On schedule, the flight made its approach to destination. Some unofficial accounts have passengers saying that on final approach, they could look down and see the ground. About the time they were starting to relax, the power came up and the crew elected to head for the alternate.

Panic began to set in with the passengers, most fearing, with the announcement they were heading for an alternate, that they’d have to go through the “dark clouds” and turbulence again.

Now, the difference between this flight and the ONA flight was that there was equipment on board to tell this pilot not only how much fuel he had, but how much he would have when he landed at his alternate. You might say, he was able to start worrying earlier. Then the alternate arrival fuel began to go “below plan.”

On the way to the alternate, the pilot informed the passengers that the flight was getting low on fuel. Already unnerved, this did absolutely nothing to calm the tension in the cabin. After descent to the alternate, the crew again discontinued the approach as the weather there had gone below minimums. The trip headed for a second alternate. Passengerswere distraught.

En route to the second alternate, weather broke at the first alternate just behind the flight. They turned back. When they finally landed, passengers thought, initially, they were at the second alternate. The pilots were so busy trying to come up with a plan, and then execute that plan, that they didn’t take the time to inform the passengers where they were going. It’s estimated they landed with less than 10 min. of fuel.

Two situations, 50 years apart: one where the low fuel-light illumination caught the pilots off guard, the second where the pilots knew at each second what fuel they would have when they changed destinations.

As I read these stories, I’m not going to sit here and say, “If only they’d stuck with the original diversion or shot a coupled approach, or circled the destination, they’d have probably got the airplane on the ground safely in one case or with a lot less consternation in the second.

In both cases, I’m glad I wasn’t in the situation. If the first flight had landed in San Juan, what would have been the reaction when the airplane in front of them and the airplane in back of them had landed at Princess Juliana Airport? In the second case, was the crew second-guessing why they didn’t couple an approach and just ride it until they saw the lights at the lower approach minimums that would have authorized them to use it? Was such an approach even available?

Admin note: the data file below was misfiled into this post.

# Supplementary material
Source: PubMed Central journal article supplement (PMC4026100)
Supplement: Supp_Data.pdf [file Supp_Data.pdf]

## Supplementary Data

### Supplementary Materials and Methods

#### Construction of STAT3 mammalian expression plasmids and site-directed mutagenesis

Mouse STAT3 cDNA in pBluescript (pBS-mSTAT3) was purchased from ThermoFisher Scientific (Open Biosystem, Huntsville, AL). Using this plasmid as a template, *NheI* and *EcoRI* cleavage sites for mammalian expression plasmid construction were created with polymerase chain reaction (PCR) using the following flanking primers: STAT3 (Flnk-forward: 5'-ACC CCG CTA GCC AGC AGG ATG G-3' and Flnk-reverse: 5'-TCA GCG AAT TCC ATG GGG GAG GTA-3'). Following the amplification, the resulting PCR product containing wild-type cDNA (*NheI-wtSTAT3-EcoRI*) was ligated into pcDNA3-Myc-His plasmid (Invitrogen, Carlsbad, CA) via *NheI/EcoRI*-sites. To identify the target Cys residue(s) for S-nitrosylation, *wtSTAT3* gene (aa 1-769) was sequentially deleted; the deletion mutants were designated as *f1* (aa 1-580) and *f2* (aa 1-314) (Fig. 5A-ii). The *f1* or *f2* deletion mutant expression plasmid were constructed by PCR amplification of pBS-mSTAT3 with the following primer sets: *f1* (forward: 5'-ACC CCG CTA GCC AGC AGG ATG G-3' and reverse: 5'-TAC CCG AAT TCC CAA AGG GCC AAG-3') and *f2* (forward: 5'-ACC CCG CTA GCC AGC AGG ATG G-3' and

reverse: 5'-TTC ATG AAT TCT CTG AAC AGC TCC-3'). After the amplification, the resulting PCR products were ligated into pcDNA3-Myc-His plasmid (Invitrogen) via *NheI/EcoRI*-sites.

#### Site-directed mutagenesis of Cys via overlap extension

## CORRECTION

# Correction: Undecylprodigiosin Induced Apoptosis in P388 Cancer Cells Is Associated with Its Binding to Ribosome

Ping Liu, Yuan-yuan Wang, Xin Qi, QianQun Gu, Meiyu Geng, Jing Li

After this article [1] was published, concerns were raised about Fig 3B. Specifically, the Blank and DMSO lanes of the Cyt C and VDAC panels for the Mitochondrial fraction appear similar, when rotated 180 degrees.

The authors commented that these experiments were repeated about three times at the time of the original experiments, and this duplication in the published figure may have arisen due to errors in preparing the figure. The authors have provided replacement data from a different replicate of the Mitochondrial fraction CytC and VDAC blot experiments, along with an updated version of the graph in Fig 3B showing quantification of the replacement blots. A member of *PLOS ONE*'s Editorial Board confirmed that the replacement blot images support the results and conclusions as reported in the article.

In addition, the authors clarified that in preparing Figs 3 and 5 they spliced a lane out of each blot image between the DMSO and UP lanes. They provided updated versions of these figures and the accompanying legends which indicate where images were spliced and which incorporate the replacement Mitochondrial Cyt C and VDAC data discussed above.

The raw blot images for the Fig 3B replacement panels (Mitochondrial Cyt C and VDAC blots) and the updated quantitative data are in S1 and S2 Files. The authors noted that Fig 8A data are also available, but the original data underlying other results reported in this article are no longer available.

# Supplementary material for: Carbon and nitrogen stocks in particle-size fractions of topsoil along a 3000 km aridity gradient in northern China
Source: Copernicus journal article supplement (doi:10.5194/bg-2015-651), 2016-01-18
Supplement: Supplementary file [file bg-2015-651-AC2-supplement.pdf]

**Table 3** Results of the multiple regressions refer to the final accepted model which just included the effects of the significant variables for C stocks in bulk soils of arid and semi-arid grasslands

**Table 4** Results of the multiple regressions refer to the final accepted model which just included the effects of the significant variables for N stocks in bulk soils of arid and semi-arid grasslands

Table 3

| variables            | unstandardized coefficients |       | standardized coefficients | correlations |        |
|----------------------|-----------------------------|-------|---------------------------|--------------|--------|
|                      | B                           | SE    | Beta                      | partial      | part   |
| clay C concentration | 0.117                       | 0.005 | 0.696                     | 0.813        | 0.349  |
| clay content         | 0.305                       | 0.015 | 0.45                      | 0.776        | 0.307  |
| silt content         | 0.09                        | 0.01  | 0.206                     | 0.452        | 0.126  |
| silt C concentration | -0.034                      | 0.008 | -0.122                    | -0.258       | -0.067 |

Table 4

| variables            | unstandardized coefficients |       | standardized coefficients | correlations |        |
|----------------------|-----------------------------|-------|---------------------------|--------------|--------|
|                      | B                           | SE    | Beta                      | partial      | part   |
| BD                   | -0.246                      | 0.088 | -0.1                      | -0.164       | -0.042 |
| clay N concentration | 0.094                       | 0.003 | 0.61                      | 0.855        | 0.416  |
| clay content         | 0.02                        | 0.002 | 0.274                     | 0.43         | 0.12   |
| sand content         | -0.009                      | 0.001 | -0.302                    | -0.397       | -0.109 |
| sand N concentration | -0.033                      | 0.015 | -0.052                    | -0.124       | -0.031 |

There has always been a “cooperative tension” between those who design airplanes and those who are operating them. I once had a friend who had a T-shirt that read “Aero Engineers, Annoying Fighter Pilots for 100 Years.” The simple truth is those engineers and designers have made airplanes unbelievably more reliable, safe, comfortable and durable over the years. We could not progress without those changes.

But no matter how sophisticated the system, in this case the fuel planning part of that system, there comes a time when the person in the front has to just grab the airplane, make a decision, and carry through with that decision. They may do it by grabbing the yoke/sidestick and throttles or they may do it by simply pushing buttons on a fully functioning autopilot. But if that moment comes, it will come after all the planning has been done and when circumstances have rendered that planning moot.

Pilots take that responsibility on their shoulders when they push back and that is a fact that no amount of automation and progress can change.

Ross Detwiler

Ross Detwiler was a U.S. Air Force fighter pilot and corporate chief pilot—flying a Dassault Falcon 7X before retiring. He also was as member of the…